], their mechanism of action is still unknown.
In addition, pro-inflammatory cytokines IL-6 and IL-8 are associated with various diseases including ARDs, such as cancer, diabetes, cardiovascular diseases, multiple sclerosis, asthma, rheumatoid arthritis, and so on [7
]. It is obvious that the stand-alone and combinational anti-inflammatory effects of kaempferol, citronellal, and humulene warrant further investigation. These results are in agreement with those obtained by Vachálková et al. [76
], which show that some compounds of L. candidum
(spirostanol saponins, two pyroline derivatives, jatropham and its glucoside, 2-fenylethyl-alpha-L-arabinopyranosyl-(1-->6)-beta-D-glucopyranoside, 2-phenylethylpalmitate, methylsuccinic acid and kaempferol) had significant anti-cancer properties [76
With its rich collection of phytochemicals, L. candidum has promising therapeutic potential. Our results demonstrate a bright future for this plant and its compounds as prophylactic and therapeutic agents. However, additional clinical studies are warranted in order to establish the effectiveness of compounds from L. candidum in the treatment of chronic diseases.
4. Materials and Methods
4.1. Bioinformatic Assessment
For bioinformatical assessment, we selected the STITCH database found at http://stitch.embl.de/
. This database contains most of the available information regarding proteins’ interaction with different chemicals. It can be searched according to the name of the chemical or its PubChem ID [63
4.2. Preparation of Plant Material
Aerial parts of L. candidum were collected from the greenhouse at Ben-Gurion University of the Negev, Beer-Sheva, Israel. Leaves, flowers, and bulbs of L. candidum were dried by lyophilization and grounded for GC-MS analysis.
Ethanolic extracts were prepared from leaves and bulbs of L. candidum
as described previously [27
]. Plant tissues were homogenized, incubated at room temperature for 48 h in ethanol, centrifuged at 2000 rpm for 10 min, and the supernatant was evaporated by lyophilization. The pellet was dissolved in a minimal amount of 95% ethanol (0.5 mL) and diluted with water to a final concentration of 10 mg/mL.
4.3. GC-MS Analysis
Identification of volatile compounds is described in our previous publication [7
4.4. Cell Cultures
All cell culture reagents including Dulbecco’s modified Eagle’s medium (DMEM), fetal bovine serum (FBS), L-glutamine, and antibiotics were purchased from Biological Industries (Kibbutz Beit Haemek, Israel).
Human pulmonary fibroblasts (HPFs), human dermal fibroblasts (HDFs), and 3T3-L1 adipocytes were propagated in DMEM supplemented with 10% FBS, 1% L-glutamine, and 1% antibiotic mixture, which included a combination of penicillin, streptomycin, and nystatin. The cells were grown in an incubator at 37 °C. The relative humidity was set at 95%, and the CO2 content was 5%.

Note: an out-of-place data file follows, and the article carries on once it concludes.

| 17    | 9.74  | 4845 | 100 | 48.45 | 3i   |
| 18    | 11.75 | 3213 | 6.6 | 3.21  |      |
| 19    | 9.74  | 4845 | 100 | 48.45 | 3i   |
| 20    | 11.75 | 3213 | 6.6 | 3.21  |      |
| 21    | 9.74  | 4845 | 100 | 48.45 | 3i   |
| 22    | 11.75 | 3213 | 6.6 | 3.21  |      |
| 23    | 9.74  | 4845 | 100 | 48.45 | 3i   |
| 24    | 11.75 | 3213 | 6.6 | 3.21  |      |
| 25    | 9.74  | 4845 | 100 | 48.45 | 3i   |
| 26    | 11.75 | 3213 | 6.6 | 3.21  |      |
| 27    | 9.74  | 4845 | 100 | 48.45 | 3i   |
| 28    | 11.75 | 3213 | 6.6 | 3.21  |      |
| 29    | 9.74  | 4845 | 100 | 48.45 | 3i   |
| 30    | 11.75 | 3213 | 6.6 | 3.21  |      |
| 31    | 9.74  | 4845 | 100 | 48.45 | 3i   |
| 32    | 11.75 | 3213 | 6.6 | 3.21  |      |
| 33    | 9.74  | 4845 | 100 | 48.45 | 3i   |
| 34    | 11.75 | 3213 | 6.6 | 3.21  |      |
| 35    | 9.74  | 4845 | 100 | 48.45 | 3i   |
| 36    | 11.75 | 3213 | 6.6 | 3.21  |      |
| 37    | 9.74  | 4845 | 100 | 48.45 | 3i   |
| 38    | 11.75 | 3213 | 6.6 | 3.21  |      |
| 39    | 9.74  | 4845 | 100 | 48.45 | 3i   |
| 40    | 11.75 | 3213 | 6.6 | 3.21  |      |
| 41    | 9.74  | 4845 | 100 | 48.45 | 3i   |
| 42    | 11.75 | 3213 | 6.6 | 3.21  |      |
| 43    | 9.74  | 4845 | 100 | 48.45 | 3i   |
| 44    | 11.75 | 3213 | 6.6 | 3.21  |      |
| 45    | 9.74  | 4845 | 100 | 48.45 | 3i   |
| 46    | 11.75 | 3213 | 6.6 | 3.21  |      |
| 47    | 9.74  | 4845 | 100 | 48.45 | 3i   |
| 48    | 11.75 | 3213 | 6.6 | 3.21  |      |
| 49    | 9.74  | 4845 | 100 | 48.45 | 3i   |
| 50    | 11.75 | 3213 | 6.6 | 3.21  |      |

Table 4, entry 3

4.5. Cytotoxicity Examination
Nontoxic concentrations of Lilium candidum
extracts and compounds were determined by XTT assay. Succinctly, metabolically active cells reduce yellow salt, XTT (sodium 3’-[1-(phenylaminocarbonyl)-3,4-tetrazolium]-bis (4-methoxy6-nitro) benzene sulfonic acid hydrate), to form an orange formazan compound, as described in [7
]. For measuring IL-6 and IL-8 levels, only non-toxic concentrations were used.
4.6. Measurement of Anti-Diabetic Activity
Ethanolic bulb and leaf extracts of L. candidum
were tested for their anti-diabetic properties. The glucose uptake of the 3T3 adipocytes was determined as described previously [7
]. Briefly, before the measurement, adipocytes were transferred to low-glucose serum-free media. After an overnight incubation, the cells were treated with bulb or leaf ethanol extracts of L. candidum
for 1 h. For negative control, adipocytes were treated with the vehicle only. Insulin at a concentration of 100 nM was used as a positive control. After the 1-h incubation, the fluorescent glucose analog 2-(N
-(7-nitrobenz-2-oxa1,3-diazol-4-yl) amino)-2-deoxyglucose (2-NBDG) was added for 30 min. The cells were then rinsed with PBS, and the fluorescence of intracellular 2-NBDG with excitation at 467 nm and emission at 538 nm was measured using a fluorescence microplate reader (POLARstar Omega, BMG LABTECH GmbH, Ortenberg, Germany).
4.7. Measurement of Interleukin Release
Senescent HPFs or HDFs were treated with specified concentrations of the extracts or compounds. After 3 days of exposure, we collected the medium and measured the concentrations of interleukin 6 and 8. The measurement was performed with R&D Systems ELISA kits according to the manufacturer’s instructions. For each experiment, standard curves were built, and the concentrations of interleukins were calculated.
4.8. Statistical Analysis
Experiments were repeated at least three times. All data were analyzed using Statistica, version 7, for Windows software (StatSoft, Inc., Tulsa, Oklahoma), and p < 0.05 was chosen as the minimal acceptable level of significance. Simple regression models were subsequently used to eliminate non-significant effects. Values are presented as means ± SD.